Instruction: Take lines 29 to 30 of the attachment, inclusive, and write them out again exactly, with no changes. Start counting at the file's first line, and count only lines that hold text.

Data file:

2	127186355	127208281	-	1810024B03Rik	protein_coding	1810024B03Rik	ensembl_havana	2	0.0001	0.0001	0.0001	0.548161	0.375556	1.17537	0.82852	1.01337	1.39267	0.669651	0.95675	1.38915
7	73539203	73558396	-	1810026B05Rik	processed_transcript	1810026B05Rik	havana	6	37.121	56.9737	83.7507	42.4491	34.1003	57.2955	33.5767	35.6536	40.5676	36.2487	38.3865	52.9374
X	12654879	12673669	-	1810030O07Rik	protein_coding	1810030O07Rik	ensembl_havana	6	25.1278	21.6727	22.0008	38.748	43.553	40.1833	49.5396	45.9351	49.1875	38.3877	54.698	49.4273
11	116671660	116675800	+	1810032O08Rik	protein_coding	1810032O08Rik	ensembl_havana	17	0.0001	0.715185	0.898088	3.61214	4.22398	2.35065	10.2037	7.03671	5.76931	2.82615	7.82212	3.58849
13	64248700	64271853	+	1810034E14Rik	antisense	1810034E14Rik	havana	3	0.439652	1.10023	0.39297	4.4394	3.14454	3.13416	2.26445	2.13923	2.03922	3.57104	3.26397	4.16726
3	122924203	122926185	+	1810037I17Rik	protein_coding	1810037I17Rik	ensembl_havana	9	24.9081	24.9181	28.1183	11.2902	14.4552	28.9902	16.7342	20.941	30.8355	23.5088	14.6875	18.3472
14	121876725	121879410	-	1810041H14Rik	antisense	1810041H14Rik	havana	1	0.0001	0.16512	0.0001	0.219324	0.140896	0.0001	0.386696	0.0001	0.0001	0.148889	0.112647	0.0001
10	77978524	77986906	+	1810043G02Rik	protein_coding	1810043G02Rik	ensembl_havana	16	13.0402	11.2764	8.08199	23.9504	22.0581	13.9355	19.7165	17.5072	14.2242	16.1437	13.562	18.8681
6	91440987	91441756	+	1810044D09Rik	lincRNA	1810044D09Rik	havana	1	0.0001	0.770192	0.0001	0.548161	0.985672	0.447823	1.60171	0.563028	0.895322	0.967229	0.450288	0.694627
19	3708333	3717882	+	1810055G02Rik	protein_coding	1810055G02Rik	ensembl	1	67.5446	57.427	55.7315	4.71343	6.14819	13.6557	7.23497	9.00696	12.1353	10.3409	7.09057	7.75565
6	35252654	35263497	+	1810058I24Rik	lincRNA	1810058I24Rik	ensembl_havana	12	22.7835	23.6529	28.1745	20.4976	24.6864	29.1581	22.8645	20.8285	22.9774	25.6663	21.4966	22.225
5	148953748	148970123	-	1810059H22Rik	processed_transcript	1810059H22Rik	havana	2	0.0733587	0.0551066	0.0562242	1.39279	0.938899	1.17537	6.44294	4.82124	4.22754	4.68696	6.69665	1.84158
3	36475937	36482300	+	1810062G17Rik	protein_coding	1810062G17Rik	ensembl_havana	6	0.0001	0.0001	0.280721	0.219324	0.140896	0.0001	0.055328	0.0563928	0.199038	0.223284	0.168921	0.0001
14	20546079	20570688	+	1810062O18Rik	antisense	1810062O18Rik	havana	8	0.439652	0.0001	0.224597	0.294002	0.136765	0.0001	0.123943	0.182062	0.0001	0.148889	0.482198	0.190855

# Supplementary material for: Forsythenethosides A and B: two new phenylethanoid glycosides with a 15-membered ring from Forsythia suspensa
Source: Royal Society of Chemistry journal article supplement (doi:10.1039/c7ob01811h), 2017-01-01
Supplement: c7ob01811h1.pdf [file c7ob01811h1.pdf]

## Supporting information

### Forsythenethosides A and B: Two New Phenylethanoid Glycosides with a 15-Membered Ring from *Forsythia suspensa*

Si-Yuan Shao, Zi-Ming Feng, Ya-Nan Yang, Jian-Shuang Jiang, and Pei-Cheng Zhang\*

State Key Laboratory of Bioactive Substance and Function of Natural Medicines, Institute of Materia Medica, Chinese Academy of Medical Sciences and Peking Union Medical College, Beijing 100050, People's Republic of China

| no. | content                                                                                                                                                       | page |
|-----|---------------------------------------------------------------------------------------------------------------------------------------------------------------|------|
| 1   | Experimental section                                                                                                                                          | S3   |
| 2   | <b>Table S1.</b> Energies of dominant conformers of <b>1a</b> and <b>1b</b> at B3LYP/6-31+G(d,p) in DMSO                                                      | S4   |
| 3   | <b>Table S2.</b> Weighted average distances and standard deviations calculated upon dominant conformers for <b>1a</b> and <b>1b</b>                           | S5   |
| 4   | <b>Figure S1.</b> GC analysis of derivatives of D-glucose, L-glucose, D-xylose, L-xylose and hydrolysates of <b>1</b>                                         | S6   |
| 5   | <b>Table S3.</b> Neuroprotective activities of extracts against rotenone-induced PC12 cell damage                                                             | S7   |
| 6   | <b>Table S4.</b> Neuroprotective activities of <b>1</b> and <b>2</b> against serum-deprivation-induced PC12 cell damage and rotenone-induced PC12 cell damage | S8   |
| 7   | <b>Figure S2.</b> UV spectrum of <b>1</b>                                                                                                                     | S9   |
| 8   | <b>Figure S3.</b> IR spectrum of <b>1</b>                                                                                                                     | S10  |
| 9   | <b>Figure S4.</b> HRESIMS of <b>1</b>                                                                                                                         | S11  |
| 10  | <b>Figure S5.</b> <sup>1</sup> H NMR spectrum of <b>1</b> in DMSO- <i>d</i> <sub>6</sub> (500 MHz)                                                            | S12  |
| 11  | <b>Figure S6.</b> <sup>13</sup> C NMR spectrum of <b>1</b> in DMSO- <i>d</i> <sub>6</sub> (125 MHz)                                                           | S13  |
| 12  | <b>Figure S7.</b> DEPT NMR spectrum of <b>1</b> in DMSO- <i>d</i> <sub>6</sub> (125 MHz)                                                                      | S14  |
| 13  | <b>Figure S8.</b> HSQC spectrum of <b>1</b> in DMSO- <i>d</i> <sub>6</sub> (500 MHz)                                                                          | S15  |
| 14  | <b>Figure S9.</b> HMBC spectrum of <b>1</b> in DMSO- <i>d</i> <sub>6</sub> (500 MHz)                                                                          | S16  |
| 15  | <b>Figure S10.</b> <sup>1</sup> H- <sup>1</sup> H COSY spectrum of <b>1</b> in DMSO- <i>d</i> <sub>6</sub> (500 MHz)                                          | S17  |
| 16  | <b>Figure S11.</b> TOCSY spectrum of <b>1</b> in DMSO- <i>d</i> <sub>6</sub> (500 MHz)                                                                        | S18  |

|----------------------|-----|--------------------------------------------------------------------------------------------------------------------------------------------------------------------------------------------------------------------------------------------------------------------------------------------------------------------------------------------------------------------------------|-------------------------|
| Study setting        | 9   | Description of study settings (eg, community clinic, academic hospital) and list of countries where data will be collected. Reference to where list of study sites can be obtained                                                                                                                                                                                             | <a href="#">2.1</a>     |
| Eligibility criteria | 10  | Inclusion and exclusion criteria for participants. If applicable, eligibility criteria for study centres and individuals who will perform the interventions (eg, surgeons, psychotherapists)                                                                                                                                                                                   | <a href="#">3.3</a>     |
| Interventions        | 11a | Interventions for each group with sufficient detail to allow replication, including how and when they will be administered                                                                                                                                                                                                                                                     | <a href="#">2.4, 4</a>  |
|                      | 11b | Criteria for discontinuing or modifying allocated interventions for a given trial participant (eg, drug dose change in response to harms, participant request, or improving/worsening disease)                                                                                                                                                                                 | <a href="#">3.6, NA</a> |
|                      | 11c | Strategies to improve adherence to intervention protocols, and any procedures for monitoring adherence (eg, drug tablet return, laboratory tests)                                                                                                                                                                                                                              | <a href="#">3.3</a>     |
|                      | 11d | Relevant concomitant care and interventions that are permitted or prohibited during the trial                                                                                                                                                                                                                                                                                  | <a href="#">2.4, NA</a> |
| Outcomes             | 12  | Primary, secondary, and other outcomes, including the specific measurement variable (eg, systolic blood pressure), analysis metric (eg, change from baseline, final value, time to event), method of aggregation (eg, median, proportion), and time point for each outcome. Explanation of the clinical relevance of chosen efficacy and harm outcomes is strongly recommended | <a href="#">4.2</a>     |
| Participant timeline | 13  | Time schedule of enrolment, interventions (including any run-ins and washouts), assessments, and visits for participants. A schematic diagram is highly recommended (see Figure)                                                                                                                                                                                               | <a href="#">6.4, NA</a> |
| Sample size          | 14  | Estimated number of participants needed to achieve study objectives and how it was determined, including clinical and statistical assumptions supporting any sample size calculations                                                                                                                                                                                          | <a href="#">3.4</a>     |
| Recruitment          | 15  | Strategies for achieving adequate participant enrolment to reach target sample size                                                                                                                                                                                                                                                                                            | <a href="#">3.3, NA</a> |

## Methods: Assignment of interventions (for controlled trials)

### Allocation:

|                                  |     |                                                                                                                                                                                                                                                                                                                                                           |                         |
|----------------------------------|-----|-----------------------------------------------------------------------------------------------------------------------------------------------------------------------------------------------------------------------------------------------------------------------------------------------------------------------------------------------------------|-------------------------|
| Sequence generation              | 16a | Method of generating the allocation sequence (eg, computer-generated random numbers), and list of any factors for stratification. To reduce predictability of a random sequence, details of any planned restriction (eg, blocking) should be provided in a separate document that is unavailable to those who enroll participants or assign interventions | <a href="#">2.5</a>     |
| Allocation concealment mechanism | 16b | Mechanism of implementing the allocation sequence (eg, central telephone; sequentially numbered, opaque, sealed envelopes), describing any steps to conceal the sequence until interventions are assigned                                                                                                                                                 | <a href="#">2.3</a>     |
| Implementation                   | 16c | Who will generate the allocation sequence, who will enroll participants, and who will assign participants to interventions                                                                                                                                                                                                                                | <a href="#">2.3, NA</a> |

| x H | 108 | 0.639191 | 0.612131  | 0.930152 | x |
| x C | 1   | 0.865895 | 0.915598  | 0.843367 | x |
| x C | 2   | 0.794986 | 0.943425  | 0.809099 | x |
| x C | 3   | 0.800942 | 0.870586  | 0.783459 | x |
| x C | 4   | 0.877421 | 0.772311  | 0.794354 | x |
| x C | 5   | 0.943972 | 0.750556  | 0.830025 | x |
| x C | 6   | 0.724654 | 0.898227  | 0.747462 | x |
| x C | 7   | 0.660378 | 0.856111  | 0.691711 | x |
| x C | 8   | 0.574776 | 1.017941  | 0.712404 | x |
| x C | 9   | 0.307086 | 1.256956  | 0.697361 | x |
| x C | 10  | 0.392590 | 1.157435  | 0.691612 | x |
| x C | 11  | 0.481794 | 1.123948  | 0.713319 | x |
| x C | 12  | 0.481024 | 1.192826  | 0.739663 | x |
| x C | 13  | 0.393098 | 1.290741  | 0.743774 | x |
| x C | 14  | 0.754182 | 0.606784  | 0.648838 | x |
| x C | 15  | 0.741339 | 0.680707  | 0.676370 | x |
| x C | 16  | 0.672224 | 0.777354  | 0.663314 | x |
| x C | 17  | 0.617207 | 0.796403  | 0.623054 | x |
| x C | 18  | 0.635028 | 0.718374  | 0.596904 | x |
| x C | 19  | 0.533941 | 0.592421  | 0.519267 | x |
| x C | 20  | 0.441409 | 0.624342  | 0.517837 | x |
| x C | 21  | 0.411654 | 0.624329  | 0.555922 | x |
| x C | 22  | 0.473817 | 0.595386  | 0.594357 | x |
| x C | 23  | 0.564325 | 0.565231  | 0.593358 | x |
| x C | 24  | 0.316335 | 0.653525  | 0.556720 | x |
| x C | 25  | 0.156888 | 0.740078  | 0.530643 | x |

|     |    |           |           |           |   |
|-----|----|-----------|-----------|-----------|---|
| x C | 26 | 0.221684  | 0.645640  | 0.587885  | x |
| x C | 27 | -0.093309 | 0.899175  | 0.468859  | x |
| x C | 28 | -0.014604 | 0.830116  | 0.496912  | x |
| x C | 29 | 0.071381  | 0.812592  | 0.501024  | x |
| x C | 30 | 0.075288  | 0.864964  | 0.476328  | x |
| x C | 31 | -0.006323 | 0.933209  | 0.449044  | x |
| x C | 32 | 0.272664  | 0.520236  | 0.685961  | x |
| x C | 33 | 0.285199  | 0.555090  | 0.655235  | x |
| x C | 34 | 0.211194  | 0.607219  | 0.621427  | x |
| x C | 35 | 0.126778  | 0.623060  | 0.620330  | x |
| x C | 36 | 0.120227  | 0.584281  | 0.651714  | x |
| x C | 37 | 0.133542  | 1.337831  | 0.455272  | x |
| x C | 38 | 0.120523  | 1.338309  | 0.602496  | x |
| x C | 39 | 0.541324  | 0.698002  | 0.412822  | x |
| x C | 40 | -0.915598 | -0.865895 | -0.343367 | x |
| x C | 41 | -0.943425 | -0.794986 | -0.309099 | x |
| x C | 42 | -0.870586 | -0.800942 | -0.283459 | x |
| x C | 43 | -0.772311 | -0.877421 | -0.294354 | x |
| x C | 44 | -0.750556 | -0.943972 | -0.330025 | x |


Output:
| 6   | <b>Table S4.</b> Neuroprotective activities of <b>1</b> and <b>2</b> against serum-deprivation-induced PC12 cell damage and rotenone-induced PC12 cell damage | S8   |
| 7   | <b>Figure S2.</b> UV spectrum of <b>1</b>                                                                                                                     | S9   |